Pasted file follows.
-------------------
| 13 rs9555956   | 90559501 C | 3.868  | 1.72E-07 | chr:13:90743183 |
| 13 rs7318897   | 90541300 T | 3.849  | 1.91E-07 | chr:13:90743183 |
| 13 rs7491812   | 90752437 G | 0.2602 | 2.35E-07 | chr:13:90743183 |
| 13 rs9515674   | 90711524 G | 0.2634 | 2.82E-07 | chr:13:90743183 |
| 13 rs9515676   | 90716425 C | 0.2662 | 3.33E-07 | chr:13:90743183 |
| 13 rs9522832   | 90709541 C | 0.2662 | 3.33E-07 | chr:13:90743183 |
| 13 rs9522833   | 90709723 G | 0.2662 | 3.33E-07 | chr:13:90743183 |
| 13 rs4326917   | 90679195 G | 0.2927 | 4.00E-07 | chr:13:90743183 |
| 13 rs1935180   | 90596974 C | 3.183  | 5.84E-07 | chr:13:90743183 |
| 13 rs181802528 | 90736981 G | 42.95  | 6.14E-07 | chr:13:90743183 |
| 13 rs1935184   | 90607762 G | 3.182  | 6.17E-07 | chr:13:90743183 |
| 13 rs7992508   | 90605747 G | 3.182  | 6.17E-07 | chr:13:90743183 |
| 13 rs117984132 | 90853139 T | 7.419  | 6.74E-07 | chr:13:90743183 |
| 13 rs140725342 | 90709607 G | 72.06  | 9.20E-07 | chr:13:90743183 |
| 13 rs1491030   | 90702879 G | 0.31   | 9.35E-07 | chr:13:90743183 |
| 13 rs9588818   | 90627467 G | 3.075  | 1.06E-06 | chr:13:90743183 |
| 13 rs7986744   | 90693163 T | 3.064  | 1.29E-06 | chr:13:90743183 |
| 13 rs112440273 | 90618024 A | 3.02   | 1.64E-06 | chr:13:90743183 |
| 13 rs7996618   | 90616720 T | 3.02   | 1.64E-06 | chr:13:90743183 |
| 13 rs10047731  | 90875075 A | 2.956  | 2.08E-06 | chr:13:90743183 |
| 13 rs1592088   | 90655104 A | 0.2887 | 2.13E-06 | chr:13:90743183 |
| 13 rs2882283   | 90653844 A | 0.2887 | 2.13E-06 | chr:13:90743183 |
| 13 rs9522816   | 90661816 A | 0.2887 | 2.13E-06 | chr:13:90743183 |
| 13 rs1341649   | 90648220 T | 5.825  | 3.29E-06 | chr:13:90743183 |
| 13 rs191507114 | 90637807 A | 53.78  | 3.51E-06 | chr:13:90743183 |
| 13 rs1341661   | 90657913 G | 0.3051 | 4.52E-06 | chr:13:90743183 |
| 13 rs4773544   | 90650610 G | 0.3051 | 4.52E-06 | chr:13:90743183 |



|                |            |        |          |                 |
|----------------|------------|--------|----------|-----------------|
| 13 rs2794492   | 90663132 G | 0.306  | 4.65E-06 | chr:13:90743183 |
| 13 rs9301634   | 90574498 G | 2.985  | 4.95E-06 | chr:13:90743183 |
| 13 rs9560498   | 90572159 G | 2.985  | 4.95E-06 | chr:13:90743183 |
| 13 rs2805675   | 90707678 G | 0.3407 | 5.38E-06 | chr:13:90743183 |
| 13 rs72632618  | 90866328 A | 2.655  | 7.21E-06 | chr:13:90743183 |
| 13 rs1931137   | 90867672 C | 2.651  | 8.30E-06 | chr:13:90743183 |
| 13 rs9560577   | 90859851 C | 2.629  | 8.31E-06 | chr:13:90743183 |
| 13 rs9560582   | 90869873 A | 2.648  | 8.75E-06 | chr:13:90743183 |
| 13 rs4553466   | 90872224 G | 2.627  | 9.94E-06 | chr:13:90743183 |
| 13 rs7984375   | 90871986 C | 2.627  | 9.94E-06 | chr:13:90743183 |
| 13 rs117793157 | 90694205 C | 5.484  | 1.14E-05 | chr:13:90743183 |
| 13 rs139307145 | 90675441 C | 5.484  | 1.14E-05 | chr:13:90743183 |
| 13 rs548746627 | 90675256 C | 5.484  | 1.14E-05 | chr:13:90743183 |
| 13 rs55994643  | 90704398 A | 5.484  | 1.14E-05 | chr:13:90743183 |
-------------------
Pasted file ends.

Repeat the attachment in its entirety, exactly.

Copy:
| 13 rs9555956   | 90559501 C | 3.868  | 1.72E-07 | chr:13:90743183 |
| 13 rs7318897   | 90541300 T | 3.849  | 1.91E-07 | chr:13:90743183 |
| 13 rs7491812   | 90752437 G | 0.2602 | 2.35E-07 | chr:13:90743183 |
| 13 rs9515674   | 90711524 G | 0.2634 | 2.82E-07 | chr:13:90743183 |
| 13 rs9515676   | 90716425 C | 0.2662 | 3.33E-07 | chr:13:90743183 |
| 13 rs9522832   | 90709541 C | 0.2662 | 3.33E-07 | chr:13:90743183 |
| 13 rs9522833   | 90709723 G | 0.2662 | 3.33E-07 | chr:13:90743183 |
| 13 rs4326917   | 90679195 G | 0.2927 | 4.00E-07 | chr:13:90743183 |
| 13 rs1935180   | 90596974 C | 3.183  | 5.84E-07 | chr:13:90743183 |
| 13 rs181802528 | 90736981 G | 42.95  | 6.14E-07 | chr:13:90743183 |
| 13 rs1935184   | 90607762 G | 3.182  | 6.17E-07 | chr:13:90743183 |
| 13 rs7992508   | 90605747 G | 3.182  | 6.17E-07 | chr:13:90743183 |
| 13 rs117984132 | 90853139 T | 7.419  | 6.74E-07 | chr:13:90743183 |
| 13 rs140725342 | 90709607 G | 72.06  | 9.20E-07 | chr:13:90743183 |
| 13 rs1491030   | 90702879 G | 0.31   | 9.35E-07 | chr:13:90743183 |
| 13 rs9588818   | 90627467 G | 3.075  | 1.06E-06 | chr:13:90743183 |
| 13 rs7986744   | 90693163 T | 3.064  | 1.29E-06 | chr:13:90743183 |
| 13 rs112440273 | 90618024 A | 3.02   | 1.64E-06 | chr:13:90743183 |
| 13 rs7996618   | 90616720 T | 3.02   | 1.64E-06 | chr:13:90743183 |
| 13 rs10047731  | 90875075 A | 2.956  | 2.08E-06 | chr:13:90743183 |
| 13 rs1592088   | 90655104 A | 0.2887 | 2.13E-06 | chr:13:90743183 |
| 13 rs2882283   | 90653844 A | 0.2887 | 2.13E-06 | chr:13:90743183 |
| 13 rs9522816   | 90661816 A | 0.2887 | 2.13E-06 | chr:13:90743183 |
| 13 rs1341649   | 90648220 T | 5.825  | 3.29E-06 | chr:13:90743183 |
| 13 rs191507114 | 90637807 A | 53.78  | 3.51E-06 | chr:13:90743183 |
| 13 rs1341661   | 90657913 G | 0.3051 | 4.52E-06 | chr:13:90743183 |
| 13 rs4773544   | 90650610 G | 0.3051 | 4.52E-06 | chr:13:90743183 |



|                |            |        |          |                 |
|----------------|------------|--------|----------|-----------------|
| 13 rs2794492   | 90663132 G | 0.306  | 4.65E-06 | chr:13:90743183 |
| 13 rs9301634   | 90574498 G | 2.985  | 4.95E-06 | chr:13:90743183 |
| 13 rs9560498   | 90572159 G | 2.985  | 4.95E-06 | chr:13:90743183 |
| 13 rs2805675   | 90707678 G | 0.3407 | 5.38E-06 | chr:13:90743183 |
| 13 rs72632618  | 90866328 A | 2.655  | 7.21E-06 | chr:13:90743183 |
| 13 rs1931137   | 90867672 C | 2.651  | 8.30E-06 | chr:13:90743183 |
| 13 rs9560577   | 90859851 C | 2.629  | 8.31E-06 | chr:13:90743183 |
| 13 rs9560582   | 90869873 A | 2.648  | 8.75E-06 | chr:13:90743183 |
| 13 rs4553466   | 90872224 G | 2.627  | 9.94E-06 | chr:13:90743183 |
| 13 rs7984375   | 90871986 C | 2.627  | 9.94E-06 | chr:13:90743183 |
| 13 rs117793157 | 90694205 C | 5.484  | 1.14E-05 | chr:13:90743183 |
| 13 rs139307145 | 90675441 C | 5.484  | 1.14E-05 | chr:13:90743183 |
| 13 rs548746627 | 90675256 C | 5.484  | 1.14E-05 | chr:13:90743183 |
| 13 rs55994643  | 90704398 A | 5.484  | 1.14E-05 | chr:13:90743183 |